And while areas in the southern half of the Midwest didn’t benefit from good snowfall or cold temps, many areas still reported strong numbers, thanks to snowmaking efforts.
The big story here happened down south, where Southeast resorts had an exceptional season.
“Heck, we even had some of our natural snow trails open for the first time in seven years,” says Chris Bates, GM at Cataloochee, N.C.
Cataloochee busted its previous longest-ever ski season by nearly a month—from 96 days to 124.
Appalachia, N.C., skied to the fourth weekend in March for the eighth time in nine years.
“It’s been one of our best seasons ever,” says Brad Moretz, GM. “We received more snow and made more snow than ever before.”
In the Northeast, areas also made more snow than normal in a valiant attempt to offset a milder than normal winter. Okemo, Vt., used 25 percent more water to make snow this year. Its snowmaking budget will likely be up even more because it had to make snow at higher temps, using more energy. Overall, daily traffic at Okemo, as at most resorts, was down although strong season pass sales (up 23 percent at Okemo) pulled that area to a record year. Revenues were also up substantially as skiers continued to demand more personalized services.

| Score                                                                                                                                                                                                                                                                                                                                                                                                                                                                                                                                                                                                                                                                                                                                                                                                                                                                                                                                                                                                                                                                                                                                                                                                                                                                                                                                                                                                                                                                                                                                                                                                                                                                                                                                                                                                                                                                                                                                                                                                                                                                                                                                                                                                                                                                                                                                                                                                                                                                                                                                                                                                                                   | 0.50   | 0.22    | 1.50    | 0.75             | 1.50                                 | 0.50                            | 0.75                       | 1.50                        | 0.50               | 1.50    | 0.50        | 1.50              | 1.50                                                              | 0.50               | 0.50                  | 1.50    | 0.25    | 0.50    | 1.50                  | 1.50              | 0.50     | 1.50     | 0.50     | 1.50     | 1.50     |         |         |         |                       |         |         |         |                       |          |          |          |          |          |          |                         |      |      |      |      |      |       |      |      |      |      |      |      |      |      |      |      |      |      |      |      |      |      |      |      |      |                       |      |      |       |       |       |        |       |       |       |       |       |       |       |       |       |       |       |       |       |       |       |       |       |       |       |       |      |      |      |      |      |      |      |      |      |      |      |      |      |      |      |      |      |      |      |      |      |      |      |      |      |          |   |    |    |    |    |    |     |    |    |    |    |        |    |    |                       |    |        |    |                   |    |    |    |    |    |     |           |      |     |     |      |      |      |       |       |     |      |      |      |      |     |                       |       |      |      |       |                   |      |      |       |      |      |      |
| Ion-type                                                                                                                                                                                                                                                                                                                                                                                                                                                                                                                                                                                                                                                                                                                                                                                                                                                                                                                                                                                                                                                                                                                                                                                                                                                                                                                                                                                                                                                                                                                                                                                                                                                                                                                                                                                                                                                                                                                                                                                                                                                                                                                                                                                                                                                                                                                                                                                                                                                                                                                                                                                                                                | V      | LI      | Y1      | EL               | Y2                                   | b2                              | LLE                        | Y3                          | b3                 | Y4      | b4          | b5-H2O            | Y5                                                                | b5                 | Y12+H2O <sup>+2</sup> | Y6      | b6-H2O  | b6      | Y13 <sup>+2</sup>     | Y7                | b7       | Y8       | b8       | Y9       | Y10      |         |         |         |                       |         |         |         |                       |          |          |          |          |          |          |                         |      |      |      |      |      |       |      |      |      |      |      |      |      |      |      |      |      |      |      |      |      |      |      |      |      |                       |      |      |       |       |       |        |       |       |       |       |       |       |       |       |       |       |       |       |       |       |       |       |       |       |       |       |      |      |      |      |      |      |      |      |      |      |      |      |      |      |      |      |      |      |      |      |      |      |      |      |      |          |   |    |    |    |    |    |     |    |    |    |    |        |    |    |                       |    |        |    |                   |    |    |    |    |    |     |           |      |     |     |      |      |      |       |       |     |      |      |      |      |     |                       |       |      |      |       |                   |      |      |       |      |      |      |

Other resorts that had strong seasons included Stowe, which got a lot of buzz over its Spruce Peak expansion, Jay Peak, which got great snow and was running about 20 percent ahead in visits and revenue at the end of February. Mountain Creek, N.J., which qualified the Olympic snowboarding team, also did a lot of multicultural events and marketing to offset the affects of warm temperatures. Bretton Woods and Sunapee, N.H. also had good years. Overall, however, the season was disappointingly average or worse.
“It wasn’t a disaster but it wasn’t a record either,” says Karl Stone at Ski New Hampshire.
The season was much the same in eastern Canada, with “a lot of disparities” between northern and southern resorts.
“Areas north of the St. Lawrence River received huge amounts of snow,” says Claude Peloquin at the Quebec Ski Areas Association. “Overall, I expect we’ll be down between five and 10 percent. The decline would be worse except for a big increase in season pass sales. Revenue-wise, we won’t be that bad.”